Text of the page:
Truck drivers strike at Los Angeles-Long Beach ports

A group of truck drivers and warehouse workers struck the ports of Los Angeles and Long Beach, California, Monday against trucking firms that misclassify drivers as “independent contractors” to skirt minimum wage and overtime laws and deny them health insurance, unemployment benefits and workers compensation.

The job action called by Teamsters Local 848 involves about 100 workers at California Cartage, XPO Logistics and other companies. On Tuesday, the strike spread to Rancho Dominguez in the Los Angeles area and San Diego Tuesday.

Drivers are demanding reclassification as full-time, hourly employees and improved wages and working conditions. While drivers, many of them immigrant workers who speak little English, have shown enormous determination, the Teamsters and the International Longshore and Warehouse Union (ILWU), have isolated the drivers and limited their action to impotent protests that have done little to disrupt the country’s busiest ports.

In San Diego, Jose, a truck driver for 48 years and a driver for XPO Logistics since 1990, told the World Socialist Web Site, “We have no medical insurance, no health care, no vacation, no security. On top of that I pay up to $990 a week for the maintenance of my truck, diesel, and other expenses.”

“We have two brothers working on one truck, they have to make $1,000 every day to cover their truck, gas, family, home. If you don’t have your own truck, the company tricks you into leasing their truck. They say they will only sell the truck for $45,000, but after interest it ends up being another $100,000.”

“The unions don’t want us to organize, they tell us that that there is no support for us, that the other drivers don’t support us, but that is not true.”

This is the 15th strike called by the Teamsters over the last four years. In each case, they have been impotent, involving only a tiny fraction of the estimated 16,000 truckers at the ports and none of the 14,000 ILWU dockworkers. At the same time the Teamsters and other unions have encouraged the most debilitating dependence on the courts and Democratic Party. The Teamsters agreed to end the last strike in July 2016 after Los Angeles Mayor Eric Garcetti made a worthless promise to “investigate” abuses.

In the Los Angeles–Long Beach port area—which takes in nearly half of the nation’s container imports—it is estimated that only 10 percent of port truck drivers are directly employed by companies and the others are classified as “independent contractors” or “owner-operators.” All day long these workers move cargo from the docks to nearby warehouses and rail yards where they are shipped to major retailers like Wal-Mart, Amazon and Target.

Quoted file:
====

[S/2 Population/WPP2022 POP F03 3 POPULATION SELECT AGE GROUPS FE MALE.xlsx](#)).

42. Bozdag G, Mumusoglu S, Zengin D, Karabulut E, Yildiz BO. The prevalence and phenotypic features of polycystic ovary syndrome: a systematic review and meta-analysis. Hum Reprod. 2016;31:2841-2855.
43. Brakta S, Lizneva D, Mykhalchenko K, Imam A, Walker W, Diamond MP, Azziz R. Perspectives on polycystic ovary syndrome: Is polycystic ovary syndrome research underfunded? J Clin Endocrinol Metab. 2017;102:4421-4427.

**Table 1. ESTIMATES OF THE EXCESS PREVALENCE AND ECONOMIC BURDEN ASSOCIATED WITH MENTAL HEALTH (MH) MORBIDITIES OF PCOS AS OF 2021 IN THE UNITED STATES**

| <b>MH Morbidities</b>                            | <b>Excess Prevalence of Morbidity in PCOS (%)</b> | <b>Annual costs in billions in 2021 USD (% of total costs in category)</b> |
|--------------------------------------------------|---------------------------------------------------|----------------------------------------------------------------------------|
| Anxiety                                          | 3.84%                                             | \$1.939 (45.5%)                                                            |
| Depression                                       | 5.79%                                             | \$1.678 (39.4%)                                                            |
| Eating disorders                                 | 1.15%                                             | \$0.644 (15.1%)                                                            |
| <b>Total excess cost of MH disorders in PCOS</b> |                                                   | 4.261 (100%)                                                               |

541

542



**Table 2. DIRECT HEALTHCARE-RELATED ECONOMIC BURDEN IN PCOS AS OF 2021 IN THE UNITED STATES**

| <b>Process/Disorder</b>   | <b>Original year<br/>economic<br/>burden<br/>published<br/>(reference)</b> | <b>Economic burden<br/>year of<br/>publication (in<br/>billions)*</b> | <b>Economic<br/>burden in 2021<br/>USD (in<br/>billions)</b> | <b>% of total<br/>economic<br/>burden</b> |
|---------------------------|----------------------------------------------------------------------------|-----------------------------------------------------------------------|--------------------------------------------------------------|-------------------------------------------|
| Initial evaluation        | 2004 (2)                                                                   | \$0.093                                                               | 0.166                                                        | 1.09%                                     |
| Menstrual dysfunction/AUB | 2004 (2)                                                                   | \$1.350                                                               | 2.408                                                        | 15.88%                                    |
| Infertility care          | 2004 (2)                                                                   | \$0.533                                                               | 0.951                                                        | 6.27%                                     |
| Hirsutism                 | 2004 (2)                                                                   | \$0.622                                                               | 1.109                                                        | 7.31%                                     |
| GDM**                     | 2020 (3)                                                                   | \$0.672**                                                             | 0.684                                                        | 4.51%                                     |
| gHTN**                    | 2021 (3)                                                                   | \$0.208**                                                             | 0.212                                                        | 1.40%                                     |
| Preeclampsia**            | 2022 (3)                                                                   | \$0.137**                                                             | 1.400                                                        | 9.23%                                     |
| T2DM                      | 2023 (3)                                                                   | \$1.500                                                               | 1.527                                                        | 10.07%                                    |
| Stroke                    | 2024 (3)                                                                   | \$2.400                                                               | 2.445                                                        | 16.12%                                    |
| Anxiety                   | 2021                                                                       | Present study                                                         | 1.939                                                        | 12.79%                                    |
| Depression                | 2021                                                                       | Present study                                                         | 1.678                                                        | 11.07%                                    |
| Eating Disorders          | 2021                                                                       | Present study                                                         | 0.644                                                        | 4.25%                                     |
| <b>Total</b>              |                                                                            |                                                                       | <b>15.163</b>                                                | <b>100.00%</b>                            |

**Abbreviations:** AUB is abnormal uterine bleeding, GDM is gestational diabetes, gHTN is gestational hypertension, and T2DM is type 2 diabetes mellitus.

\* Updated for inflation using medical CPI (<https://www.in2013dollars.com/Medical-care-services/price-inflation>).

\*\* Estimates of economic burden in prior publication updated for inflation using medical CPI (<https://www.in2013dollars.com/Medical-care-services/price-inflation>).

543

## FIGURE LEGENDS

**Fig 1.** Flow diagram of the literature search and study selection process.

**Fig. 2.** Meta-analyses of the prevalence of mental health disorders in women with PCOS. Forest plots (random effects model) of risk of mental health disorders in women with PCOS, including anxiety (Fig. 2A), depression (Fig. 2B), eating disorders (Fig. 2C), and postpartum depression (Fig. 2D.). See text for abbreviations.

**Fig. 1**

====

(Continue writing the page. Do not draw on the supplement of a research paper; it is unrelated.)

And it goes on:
Garcetti and Long Beach Mayor Robert Garcia recently announced their “goal” to convert the ports’ fleet over to zero emission trucks by 2035. Drivers, who have long suffered the devastating health consequences of diesel fuel emissions want cleaner air, expect the companies will pass on the cost to them, forcing drivers to lease the higher-tech trucks that will cost upwards of a half a million dollars.

The issues facing the port truck drivers are immensely important and underscore the brutal exploitation of millions of independent contractors or “1099 employees” (named after the IRS tax form number) whose numbers have increased since the 2008 financial crash. Although the US Labor Department says it does not have exact numbers, it has acknowledged the practice is pervasive, particularly among delivery truck drivers, construction workers, cable installers and so-called “Gig Economy” workers like Uber and Lyft drivers.

According to an investigation by USA TODAY, based on interviews with 300 drivers and testimony in several labor dispute cases, drivers are essentially indentured servants who owe hundreds of thousands of dollars on the trucks they are forced to lease in order to work. The companies hold this debt over the heads of drivers, threatening to take away their trucks and keep tens of thousands of dollars they have already paid if the drivers miss work or quit because they are too exhausted to continue.

In some cases, companies have physically prevented drivers from leaving work, compelled them to work against their will for up to 20 hours a day and would not pay workers anything unless they agreed to falsify logs. In addition to lease payments, the companies charge drivers for maintenance, fuel, parking fees and even toilet paper and other supplies. After such deductions, USA TODAY found, drivers can end up making as little as 67 cents a week or even owe money to their employers.

The Teamsters union, which has lost hundreds of thousands of members since the deregulation of the trucking industry in the late 1970s, is anxious to boost its dues base but is blocked from “organizing” port truck drivers due to their classification as independent contractors. Truck drivers should place no confidence in the Teamsters, which has collaborated in the destruction of the living standards of over-the-road drivers—who have seen their real wages fall by half over the last four decades—warehouse workers at UPS and other companies.

A real fight against these slave-like conditions will require new organizations of struggle, controlled by rank-and-file workers themselves and independent of the pro-company unions, to mobilize the broadest support in the working class against big business and both corporate-controlled parties.